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Nordicom Review

The Journal of University of Gothenburg, Nordicom

2 Issues per year


CiteScore 2016: 0.42

SCImago Journal Rank (SJR) 2016: 0.393
Source Normalized Impact per Paper (SNIP) 2016: 0.678

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Online
ISSN
2001-5119
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Volume 36, Issue 2 (Oct 2015)

Issues

Professional autonomy

Challenges and Opportunities in Poland, Russia and Sweden

Gunnar Nygren
  • Dept. of Social Sciences, Södertörn University
  • Email:
/ Boguslawa Dobek-Ostrowska
  • Faculty of Social Sciences, University of Wroclaw
  • Email:
/ Maria Anikina
  • Faculty of Journalism, Lomonosov Moscow State University
  • Email:
Published Online: 2015-10-29 | DOI: https://doi.org/10.1515/nor-2015-0018

Abstract

Degree of autonomy is one of the key dimensions of professionalization in journalism. However, the strive for autonomy looks different in different media systems, where pressure on autonomy can come from both political and commercial powers, outside and within the media. Media development also changes the conditions for professional autonomy for journalists, in both a positive and a negative sense. In the comparative research project “Journalism in change”, the journalistic cultures in Russia, Poland and Sweden are studied. In a survey involving 1500 journalists from the three countries, journalists report on their perceived autonomy in their daily work and in relation to different actors inside and outside the media. The survey covers how the work has been changed by media developments, and how these changes have affected journalists′perceived autonomy. The results show similarities in the strive for autonomy, but also clear differences in how autonomy is perceived by journalists in the three countries.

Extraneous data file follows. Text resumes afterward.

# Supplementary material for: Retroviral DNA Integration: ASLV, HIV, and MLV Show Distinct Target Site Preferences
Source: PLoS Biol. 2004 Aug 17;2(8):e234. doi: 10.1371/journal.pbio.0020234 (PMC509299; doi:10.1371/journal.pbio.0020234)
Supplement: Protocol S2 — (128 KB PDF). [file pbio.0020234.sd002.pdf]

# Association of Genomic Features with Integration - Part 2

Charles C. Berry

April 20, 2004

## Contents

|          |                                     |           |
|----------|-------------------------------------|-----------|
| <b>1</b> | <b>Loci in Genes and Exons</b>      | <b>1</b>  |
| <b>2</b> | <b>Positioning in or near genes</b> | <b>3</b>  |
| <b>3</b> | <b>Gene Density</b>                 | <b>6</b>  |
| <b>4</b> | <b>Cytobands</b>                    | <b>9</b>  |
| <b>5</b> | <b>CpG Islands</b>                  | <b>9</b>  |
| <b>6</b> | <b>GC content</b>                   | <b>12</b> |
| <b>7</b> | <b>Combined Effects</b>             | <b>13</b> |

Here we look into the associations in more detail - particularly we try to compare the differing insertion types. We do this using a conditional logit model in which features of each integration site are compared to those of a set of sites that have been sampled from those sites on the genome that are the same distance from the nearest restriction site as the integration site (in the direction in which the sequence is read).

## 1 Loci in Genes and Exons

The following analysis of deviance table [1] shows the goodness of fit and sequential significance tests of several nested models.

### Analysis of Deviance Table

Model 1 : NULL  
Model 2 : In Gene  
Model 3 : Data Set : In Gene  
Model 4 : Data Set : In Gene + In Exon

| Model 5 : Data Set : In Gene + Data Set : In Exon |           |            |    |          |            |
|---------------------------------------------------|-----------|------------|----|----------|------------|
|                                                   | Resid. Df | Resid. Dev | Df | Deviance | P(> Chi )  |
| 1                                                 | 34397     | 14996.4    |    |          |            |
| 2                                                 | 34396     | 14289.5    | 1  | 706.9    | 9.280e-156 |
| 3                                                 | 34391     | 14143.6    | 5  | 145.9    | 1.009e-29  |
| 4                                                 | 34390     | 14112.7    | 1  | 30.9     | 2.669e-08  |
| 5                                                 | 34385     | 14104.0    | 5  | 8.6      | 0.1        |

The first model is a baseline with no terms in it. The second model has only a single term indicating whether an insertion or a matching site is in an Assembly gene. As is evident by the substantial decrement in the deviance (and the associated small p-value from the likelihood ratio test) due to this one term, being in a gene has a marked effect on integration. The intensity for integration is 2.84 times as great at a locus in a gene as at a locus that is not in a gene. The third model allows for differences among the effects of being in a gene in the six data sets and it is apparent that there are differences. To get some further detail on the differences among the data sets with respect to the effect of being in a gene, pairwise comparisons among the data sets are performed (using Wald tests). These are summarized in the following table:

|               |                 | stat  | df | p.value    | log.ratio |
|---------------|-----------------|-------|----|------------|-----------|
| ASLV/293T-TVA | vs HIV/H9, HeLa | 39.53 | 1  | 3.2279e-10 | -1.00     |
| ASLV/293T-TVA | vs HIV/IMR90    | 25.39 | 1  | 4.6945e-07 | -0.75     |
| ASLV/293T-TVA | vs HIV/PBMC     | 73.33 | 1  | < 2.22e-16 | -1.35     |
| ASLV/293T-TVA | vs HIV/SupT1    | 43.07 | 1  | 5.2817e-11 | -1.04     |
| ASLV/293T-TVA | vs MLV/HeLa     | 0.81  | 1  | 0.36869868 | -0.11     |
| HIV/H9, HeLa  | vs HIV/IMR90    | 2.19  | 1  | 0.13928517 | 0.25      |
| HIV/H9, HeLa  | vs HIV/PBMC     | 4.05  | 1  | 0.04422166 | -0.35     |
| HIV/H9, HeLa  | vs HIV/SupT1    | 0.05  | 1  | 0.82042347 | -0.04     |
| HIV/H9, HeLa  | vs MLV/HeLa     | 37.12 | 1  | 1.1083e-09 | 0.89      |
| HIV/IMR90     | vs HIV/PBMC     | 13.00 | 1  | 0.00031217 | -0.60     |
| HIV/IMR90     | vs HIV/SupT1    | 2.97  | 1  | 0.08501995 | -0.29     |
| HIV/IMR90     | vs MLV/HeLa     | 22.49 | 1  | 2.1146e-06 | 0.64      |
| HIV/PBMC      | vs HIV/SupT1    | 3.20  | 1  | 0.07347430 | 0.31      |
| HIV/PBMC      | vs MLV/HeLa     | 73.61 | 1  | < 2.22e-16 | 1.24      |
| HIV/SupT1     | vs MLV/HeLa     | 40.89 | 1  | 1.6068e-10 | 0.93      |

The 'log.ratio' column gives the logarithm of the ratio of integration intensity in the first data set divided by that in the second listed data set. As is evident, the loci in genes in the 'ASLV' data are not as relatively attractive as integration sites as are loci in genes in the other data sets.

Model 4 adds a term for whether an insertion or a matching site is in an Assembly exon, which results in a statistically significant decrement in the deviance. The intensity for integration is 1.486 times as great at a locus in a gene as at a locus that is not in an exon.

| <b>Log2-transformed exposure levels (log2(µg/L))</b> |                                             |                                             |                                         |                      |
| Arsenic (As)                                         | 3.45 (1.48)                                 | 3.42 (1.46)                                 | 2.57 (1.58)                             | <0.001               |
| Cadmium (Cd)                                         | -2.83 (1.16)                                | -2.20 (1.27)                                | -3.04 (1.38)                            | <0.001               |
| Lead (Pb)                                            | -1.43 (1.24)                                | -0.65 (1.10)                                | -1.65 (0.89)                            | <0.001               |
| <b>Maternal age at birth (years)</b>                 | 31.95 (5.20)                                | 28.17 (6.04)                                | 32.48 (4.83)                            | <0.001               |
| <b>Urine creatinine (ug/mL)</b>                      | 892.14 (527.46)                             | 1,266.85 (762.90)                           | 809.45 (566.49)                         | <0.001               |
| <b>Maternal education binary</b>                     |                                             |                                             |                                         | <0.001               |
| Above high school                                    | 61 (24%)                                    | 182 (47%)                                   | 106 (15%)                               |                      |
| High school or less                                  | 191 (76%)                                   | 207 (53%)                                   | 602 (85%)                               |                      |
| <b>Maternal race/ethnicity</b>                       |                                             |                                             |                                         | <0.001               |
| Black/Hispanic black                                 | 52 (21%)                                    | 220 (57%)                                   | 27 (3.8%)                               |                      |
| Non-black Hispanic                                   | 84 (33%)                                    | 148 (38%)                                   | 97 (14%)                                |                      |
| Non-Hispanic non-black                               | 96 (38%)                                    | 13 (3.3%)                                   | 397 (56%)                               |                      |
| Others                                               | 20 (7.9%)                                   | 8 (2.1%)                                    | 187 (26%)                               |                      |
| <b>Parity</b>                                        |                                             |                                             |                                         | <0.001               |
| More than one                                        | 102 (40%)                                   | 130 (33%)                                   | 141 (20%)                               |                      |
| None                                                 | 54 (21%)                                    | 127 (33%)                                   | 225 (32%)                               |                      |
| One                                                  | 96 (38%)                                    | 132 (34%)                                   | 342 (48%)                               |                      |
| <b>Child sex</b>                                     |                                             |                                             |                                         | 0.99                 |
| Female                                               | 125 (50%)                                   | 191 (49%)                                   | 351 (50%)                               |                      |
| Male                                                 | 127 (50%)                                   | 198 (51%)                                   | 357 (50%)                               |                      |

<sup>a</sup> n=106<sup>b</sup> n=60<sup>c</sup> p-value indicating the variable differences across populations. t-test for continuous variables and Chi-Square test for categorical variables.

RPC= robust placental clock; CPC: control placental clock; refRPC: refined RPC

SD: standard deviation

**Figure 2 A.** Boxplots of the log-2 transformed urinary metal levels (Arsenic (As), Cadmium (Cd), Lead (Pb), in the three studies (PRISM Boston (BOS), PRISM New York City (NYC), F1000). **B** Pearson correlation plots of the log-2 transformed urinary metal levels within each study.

Keywords: journalists; professionalization; autonomy; professional institutions; comparative journalism studies

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About the article

Published Online: 2015-10-29

Published in Print: 2015-10-01


Citation Information: Nordicom Review, ISSN (Online) 2001-5119, DOI: https://doi.org/10.1515/nor-2015-0018.

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© 2015 Gunnar Nygren et al., published by De Gruyter Open. This work is licensed under the Creative Commons Attribution-NonCommercial-NoDerivatives 3.0 License. BY-NC-ND 3.0

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